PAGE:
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Prevailing Party?s Request for Attorney?s Fees Denied ? E.D. Mi.

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  • Prevailing Party?s Request for Attorney?s Fees Denied ? E.D. Mi.

    Prevailing Party?s Request for Attorney?s Fees Denied ? E.D. Mi.

    Attached is a case out of the Eastern District of Michigan, Guest-Marcotte v. Life Insurance Company of North America, et. al. The case is before the court on plaintiff?s motion for attorney?s fees and costs. Plaintiff was successful on an appeal to the Sixth Circuit reversing the district court?s dismissal of her claim. Thereafter, plaintiff filed a motion for attorney?s fees and costs. The court ultimately denies plaintiff?s request, based mainly on the factor regarding the culpability or bad faith of the opposing party.

    With respect to the first King factor, Plaintiff does not allege or attempt to prove that Defendants acted in bad faith. Indeed, she cites a Sixth Circuit case that distinguishes between bad faith and culpability, ostensibly for the purpose of conceding that Defendants did not act in ba faith but are nonetheless culpable. Mot. at 8, ECF No. 85 (citing Hoover v. Provident Life and Acc. Ins. Co., 290 F.3d 801, 809-10 (6th Cir. 2002)). Plaintiff notes that ?while ?an arbitrary and capricious denial of benefits does not necessarily indicate culpability or bad faith,? Sixth Circuit Court of Appeals precedent ?by no means precludes a finding of culpability or bad faith based only on the evidence that supported a district court?s arbitrary-and-capricious determination.?? Mot. At 9, ECF No. 85 (quoting Gaeth v. Hartford Life Ins. Co., 538 F.3d 524, 530 (6th Cir. 2008) (internal citations omitted) (emphasis in original)). In other words, a court may find that evidence that led to an arbitrary-and-capricious determination also leads to a finding that the actor is culpable. The inquiries, however, are separate. Indeed, to hold that a finding of arbitrary and capricious conduct creates a presumption of culpability would frustrate the purpose of the inquiry:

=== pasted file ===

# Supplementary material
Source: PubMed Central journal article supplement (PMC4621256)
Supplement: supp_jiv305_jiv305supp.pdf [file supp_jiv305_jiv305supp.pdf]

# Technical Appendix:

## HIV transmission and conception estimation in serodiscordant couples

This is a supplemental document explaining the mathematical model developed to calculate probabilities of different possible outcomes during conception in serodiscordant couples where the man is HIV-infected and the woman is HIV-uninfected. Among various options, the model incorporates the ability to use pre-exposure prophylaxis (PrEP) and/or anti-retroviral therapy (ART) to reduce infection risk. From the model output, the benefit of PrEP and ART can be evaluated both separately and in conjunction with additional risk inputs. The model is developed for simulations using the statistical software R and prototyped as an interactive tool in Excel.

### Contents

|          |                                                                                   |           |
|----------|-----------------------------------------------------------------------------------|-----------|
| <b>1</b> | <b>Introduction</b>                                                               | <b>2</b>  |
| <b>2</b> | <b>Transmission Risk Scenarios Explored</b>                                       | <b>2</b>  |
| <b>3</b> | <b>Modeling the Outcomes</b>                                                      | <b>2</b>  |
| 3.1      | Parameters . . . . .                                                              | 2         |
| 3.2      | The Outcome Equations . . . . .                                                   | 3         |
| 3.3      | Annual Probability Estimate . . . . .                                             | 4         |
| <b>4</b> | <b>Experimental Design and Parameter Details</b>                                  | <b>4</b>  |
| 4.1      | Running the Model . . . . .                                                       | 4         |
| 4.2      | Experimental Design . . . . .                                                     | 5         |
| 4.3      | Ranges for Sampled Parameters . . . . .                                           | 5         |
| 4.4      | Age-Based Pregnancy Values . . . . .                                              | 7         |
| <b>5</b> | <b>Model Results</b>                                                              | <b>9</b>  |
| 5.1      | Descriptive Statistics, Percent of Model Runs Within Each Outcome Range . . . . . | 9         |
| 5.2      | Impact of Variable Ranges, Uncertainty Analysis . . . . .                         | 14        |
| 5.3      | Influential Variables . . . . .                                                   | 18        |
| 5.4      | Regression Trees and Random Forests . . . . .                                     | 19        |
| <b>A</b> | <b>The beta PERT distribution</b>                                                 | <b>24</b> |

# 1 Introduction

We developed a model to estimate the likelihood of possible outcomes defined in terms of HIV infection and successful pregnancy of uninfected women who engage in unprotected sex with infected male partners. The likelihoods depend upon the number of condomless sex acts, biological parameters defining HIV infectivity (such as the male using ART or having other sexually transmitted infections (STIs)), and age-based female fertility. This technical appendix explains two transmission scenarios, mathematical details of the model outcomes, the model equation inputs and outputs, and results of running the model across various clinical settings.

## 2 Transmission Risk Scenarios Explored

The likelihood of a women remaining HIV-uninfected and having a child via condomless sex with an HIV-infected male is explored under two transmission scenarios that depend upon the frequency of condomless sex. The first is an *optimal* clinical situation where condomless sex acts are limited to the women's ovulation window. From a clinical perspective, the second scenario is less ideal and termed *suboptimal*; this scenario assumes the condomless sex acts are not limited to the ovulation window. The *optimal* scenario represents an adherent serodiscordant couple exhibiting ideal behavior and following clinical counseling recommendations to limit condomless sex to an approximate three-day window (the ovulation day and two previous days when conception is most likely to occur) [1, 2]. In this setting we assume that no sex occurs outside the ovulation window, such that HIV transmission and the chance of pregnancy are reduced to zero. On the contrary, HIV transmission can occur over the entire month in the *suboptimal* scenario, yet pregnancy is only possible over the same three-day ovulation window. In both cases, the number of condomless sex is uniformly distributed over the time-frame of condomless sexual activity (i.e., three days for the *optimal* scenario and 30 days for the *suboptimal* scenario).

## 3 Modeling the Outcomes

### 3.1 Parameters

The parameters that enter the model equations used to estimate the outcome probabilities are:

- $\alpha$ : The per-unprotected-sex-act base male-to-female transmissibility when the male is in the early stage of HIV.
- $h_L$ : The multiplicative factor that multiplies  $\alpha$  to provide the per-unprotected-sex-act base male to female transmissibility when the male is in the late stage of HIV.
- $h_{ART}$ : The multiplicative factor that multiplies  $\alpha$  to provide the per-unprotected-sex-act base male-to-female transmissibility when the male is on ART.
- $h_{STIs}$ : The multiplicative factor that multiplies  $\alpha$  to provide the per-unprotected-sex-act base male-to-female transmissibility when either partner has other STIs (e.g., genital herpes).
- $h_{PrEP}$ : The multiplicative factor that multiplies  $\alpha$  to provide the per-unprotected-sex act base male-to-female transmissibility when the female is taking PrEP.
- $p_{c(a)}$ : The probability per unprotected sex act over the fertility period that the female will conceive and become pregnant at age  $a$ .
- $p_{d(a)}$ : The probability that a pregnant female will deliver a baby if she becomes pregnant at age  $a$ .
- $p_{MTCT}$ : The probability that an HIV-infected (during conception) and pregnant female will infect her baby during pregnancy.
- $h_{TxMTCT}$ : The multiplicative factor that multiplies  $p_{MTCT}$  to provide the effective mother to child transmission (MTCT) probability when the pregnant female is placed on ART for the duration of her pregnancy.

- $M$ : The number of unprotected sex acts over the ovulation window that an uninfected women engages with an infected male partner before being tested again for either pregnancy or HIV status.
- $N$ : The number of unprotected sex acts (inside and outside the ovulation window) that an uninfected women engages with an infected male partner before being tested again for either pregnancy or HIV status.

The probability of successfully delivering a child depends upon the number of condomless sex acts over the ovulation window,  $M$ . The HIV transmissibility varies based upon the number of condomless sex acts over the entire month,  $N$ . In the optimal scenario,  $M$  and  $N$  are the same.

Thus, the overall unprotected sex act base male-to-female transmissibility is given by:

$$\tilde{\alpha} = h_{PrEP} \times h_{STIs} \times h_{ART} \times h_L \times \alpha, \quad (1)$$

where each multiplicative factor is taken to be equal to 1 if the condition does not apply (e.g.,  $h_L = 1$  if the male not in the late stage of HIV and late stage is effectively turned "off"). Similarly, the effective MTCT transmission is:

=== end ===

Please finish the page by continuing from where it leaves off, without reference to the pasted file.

To conclude that the degree-of-culpability factor always favors an award of
    attorney fees when a case is remanded to address an inadequate review of the record
    would essentially equate the first King factor with a litigant?s degree of success on
    the merits. The law of this circuit makes clear that these are separate inquiries.

    Geiger v. Pfizer, Inc., 549 F. App?x 335, 339 (6th Cir. 2013) (internal citations omitted). Thus, the first King factor requires a deeper and more detailed inquiry beyond merely whether a Plaintiff achieved remand under the arbitrary and capricious standard of review.

    An ?arbitrary and capricious? ruling suggests some level of culpability on the part of the plan administrator. However, the first King factor does not ask merely whether a party is culpable; rather, the inquiry concerns the degree of culpability: ?[T]he first factor asks district courts to consider the ?degree? of culpability or bad faith, not merely whether the opposing party is culpable in any sense of the word.? Id. Indeed, the Hoover court explicitly found the defendant?s culpability to be high. Hoover, 290 F.3d at 809?10.

    Here, the fact that LINA did not exercise its right to order a physical examination of Plaintiff does not, by itself, suggest a high level of culpability.3 The Sixth Circuit has held that ?there is ?nothing inherently objectionable about a file review by a qualified physician in the context of a benefits determination,?? though that court has cautioned plan administrators to avoid relying too heavily on file reviews alone when the option to conduct physical examinations exists. Smith v. Cont?l Cas. Co., 450 F.3d 253, 263 (6th Cir. 2006). Indeed, the Sixth Circuit?s criticism of LINA?s decision making process ? that it rejected Plaintiff?s reports of pain without physically examining Plaintiff ? was limited to ?the facts of this case.? Op. at 16, ECF No. 81.